FOR IMMEDIATE RELEASE
Thursday, November 9, 2023
Tim Whitehouse (202) 247-0299 firstname.lastname@example.org
“Forever Chemicals” Disposal is Creating a Health Nightmare
EPA is Failing to Control Spreading Web of PFAS Waste
Washington, DC — New waste shipment data analyzed by Public Employees for Environmental Responsibility (PEER) underscore the urgent need for U.S. Environmental Protect Agency (EPA) to regulate the generation, transportation and disposal of waste contaminated with toxic “forever chemicals,” according to a new report released by PEER. The data, compiled by EPA from hazardous waste shipment manifests, depict a vast, unregulated, spreading web of PFAS waste disposal in the United States.
Human exposure to PFAS is associated with cancer, birth defects, developmental damage to infants, and impaired functioning of the liver, kidneys, and immune system. Because PFAS are highly persistent and many are highly mobile, PFAS in waste will often cycle back into the environment, where they will continue to enter the air we breathe and the water we drink.
The report comes of the heels of the EPA’s decision to allow the importation of 4.4 million pounds of PFAS waste from Europe for reclamation and disposal in the United States. Because Europe has found it cannot safely manage PFAS waste and is beginning to tightly regulate PFAS use, recycling and disposal, more companies will likely ship their waste to the U.S., where there are few regulations and almost no oversight.
The EPA data show:
- Information on about 10,344 shipments of almost 27 million kilograms of waste contaminated with PFAS between June 2018 and June 2023.
- Common disposal methods for these PFAS wastes include incineration, landfilling, mixing with other fuels and burning it, discharging it into wastewater treatment systems, and injecting it underground.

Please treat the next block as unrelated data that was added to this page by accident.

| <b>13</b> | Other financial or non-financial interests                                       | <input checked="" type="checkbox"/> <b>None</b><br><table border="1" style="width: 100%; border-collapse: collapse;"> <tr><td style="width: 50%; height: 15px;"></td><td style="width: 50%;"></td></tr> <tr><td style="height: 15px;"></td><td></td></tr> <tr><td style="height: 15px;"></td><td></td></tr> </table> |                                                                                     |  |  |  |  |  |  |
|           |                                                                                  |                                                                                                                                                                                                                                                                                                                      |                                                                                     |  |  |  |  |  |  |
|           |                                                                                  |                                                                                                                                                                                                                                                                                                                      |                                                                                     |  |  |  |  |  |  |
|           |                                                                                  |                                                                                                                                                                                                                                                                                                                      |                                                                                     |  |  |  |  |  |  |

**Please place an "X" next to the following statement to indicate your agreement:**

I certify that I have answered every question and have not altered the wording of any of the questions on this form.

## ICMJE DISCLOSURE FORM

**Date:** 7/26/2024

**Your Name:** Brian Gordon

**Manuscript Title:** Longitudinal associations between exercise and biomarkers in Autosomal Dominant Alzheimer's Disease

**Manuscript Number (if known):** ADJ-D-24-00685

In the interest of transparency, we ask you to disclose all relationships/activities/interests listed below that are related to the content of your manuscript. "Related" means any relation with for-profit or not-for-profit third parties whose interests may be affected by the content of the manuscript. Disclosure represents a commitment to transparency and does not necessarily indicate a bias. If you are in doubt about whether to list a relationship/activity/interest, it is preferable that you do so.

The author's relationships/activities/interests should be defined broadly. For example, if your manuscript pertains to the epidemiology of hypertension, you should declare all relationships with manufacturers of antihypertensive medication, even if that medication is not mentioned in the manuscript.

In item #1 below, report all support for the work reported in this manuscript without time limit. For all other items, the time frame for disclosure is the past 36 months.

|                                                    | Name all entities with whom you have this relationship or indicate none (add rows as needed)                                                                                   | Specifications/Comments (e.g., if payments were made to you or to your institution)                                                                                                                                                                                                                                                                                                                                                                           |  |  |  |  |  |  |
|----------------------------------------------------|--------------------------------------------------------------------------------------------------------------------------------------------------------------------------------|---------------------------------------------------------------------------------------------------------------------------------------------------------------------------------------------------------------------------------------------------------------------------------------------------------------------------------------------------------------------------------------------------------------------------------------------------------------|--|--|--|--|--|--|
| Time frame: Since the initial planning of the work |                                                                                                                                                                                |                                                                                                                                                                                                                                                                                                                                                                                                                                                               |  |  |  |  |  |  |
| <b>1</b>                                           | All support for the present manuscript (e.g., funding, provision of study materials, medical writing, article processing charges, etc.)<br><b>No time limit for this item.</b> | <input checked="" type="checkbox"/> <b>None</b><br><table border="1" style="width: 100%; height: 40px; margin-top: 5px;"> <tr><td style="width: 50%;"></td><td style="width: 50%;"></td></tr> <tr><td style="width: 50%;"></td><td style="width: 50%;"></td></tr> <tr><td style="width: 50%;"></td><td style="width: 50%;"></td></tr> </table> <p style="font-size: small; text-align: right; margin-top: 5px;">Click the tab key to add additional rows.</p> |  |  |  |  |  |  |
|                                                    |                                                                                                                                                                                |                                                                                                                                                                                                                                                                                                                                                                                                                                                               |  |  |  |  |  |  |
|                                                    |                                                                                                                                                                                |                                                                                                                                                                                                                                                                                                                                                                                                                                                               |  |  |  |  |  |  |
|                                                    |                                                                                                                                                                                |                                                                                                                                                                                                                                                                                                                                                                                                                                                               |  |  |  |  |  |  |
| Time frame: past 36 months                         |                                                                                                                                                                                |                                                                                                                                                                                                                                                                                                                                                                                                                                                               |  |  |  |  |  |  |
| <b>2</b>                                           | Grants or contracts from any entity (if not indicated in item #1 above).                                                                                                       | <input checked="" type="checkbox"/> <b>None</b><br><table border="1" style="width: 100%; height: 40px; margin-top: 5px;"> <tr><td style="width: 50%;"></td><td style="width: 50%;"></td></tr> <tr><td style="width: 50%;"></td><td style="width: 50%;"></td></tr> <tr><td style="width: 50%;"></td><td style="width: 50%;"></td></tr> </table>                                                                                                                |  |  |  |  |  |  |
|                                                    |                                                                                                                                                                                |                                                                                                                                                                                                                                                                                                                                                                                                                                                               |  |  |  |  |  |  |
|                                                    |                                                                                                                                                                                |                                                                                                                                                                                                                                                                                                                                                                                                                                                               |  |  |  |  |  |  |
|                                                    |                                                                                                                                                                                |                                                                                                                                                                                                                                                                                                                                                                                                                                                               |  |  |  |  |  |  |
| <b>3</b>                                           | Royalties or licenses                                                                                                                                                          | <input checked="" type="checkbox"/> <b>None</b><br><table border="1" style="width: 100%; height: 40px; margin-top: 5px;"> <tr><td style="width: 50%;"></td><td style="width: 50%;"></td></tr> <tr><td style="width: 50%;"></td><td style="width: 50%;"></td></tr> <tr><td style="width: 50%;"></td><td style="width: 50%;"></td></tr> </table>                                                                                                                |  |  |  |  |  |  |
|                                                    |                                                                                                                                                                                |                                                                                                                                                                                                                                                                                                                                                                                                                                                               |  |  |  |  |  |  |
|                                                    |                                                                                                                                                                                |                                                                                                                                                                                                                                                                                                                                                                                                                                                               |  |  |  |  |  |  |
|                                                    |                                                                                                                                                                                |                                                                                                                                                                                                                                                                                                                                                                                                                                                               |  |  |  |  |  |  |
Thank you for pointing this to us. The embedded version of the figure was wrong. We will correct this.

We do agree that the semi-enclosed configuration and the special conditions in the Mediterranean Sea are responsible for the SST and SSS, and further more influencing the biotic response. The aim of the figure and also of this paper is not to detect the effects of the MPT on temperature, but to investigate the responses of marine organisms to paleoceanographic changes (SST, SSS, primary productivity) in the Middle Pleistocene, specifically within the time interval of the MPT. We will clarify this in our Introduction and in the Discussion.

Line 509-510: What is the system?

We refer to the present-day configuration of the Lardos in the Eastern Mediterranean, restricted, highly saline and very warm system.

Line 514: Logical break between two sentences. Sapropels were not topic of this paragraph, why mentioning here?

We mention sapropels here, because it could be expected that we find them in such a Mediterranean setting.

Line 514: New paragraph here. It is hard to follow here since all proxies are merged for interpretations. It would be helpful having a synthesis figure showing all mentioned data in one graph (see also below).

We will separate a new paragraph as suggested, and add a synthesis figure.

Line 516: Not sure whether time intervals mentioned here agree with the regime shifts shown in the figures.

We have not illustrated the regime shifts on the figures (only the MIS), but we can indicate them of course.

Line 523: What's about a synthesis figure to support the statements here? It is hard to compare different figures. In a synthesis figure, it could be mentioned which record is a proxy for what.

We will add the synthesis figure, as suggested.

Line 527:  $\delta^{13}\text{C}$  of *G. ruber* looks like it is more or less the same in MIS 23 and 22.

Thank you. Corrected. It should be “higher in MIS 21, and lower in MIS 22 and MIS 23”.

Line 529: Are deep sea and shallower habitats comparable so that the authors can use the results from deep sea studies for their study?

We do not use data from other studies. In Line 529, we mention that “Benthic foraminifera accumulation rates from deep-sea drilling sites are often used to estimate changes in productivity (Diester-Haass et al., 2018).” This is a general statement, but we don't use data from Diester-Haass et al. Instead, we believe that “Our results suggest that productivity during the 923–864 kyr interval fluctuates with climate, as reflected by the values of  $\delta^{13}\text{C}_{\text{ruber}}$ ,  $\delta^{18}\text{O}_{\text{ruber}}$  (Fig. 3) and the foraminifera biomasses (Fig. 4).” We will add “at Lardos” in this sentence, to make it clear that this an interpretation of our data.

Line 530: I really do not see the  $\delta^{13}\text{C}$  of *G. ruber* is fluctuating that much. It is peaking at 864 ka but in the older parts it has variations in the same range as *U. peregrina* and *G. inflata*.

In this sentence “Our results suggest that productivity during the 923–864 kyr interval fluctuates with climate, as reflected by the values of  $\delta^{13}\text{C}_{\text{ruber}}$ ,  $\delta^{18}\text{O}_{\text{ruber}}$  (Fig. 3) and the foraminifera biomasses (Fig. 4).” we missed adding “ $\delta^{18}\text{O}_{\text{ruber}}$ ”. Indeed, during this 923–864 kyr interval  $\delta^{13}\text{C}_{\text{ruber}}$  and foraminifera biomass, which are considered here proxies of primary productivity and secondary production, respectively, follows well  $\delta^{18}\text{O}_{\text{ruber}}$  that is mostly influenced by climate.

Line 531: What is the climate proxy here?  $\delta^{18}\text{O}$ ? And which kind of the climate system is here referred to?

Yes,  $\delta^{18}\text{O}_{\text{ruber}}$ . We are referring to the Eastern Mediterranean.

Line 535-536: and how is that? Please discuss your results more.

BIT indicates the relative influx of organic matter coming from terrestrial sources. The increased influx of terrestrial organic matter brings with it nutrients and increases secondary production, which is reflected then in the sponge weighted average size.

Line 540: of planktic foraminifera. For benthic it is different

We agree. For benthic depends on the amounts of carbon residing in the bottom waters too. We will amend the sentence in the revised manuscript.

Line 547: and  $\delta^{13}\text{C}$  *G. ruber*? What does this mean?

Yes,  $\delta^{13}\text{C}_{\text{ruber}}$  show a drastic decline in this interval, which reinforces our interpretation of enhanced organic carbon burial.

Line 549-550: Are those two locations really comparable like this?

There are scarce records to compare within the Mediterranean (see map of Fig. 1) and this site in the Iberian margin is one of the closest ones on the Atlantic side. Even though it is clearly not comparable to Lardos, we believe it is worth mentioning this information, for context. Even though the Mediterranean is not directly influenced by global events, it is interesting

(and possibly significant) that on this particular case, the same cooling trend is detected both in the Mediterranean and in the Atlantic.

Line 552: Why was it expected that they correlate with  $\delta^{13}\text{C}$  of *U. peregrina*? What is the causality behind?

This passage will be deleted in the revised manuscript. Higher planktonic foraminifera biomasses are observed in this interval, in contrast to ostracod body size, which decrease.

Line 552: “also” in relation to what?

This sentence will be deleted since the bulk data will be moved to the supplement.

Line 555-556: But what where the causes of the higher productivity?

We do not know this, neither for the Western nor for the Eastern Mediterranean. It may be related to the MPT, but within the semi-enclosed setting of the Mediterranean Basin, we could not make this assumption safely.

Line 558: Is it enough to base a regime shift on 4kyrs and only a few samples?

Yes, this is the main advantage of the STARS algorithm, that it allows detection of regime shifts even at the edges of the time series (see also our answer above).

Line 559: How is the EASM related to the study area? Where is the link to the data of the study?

- The facilities disposing the largest amounts of PFAS waste are in Nevada, Texas and Ohio. The Ohio facility, which incinerates PFAS, is located near East Palestine, Ohio, a community already burdened with toxic pollution from the Norfolk Southern train derailment.
However, since PFAS are not regulated as a hazardous waste under the Resource Conservation Recovery Act (RCRA), these data were submitted voluntarily and likely represents only a small fraction of total PFAS waste.
“These data show that we are steadily poisoning ourselves, our waters, and our food chain with extremely persistent toxic chemicals,” stated PEER Executive Director Tim Whitehouse, a former EPA attorney, noting that PEER formally petitioned EPA to regulate PFAS as a hazardous waste under RCRA four years ago and has still not received a response to its petition.
“Even today, years into the PFAS crisis, EPA lacks a plan for requiring desperately needed cradle-to-grave management of PFAS contaminated waste,” added Whitehouse. “If EPA does not act imminently, the U.S. is at risk of becoming a dumping ground for this toxic waste from the rest of the world due to EPA’s inaction.”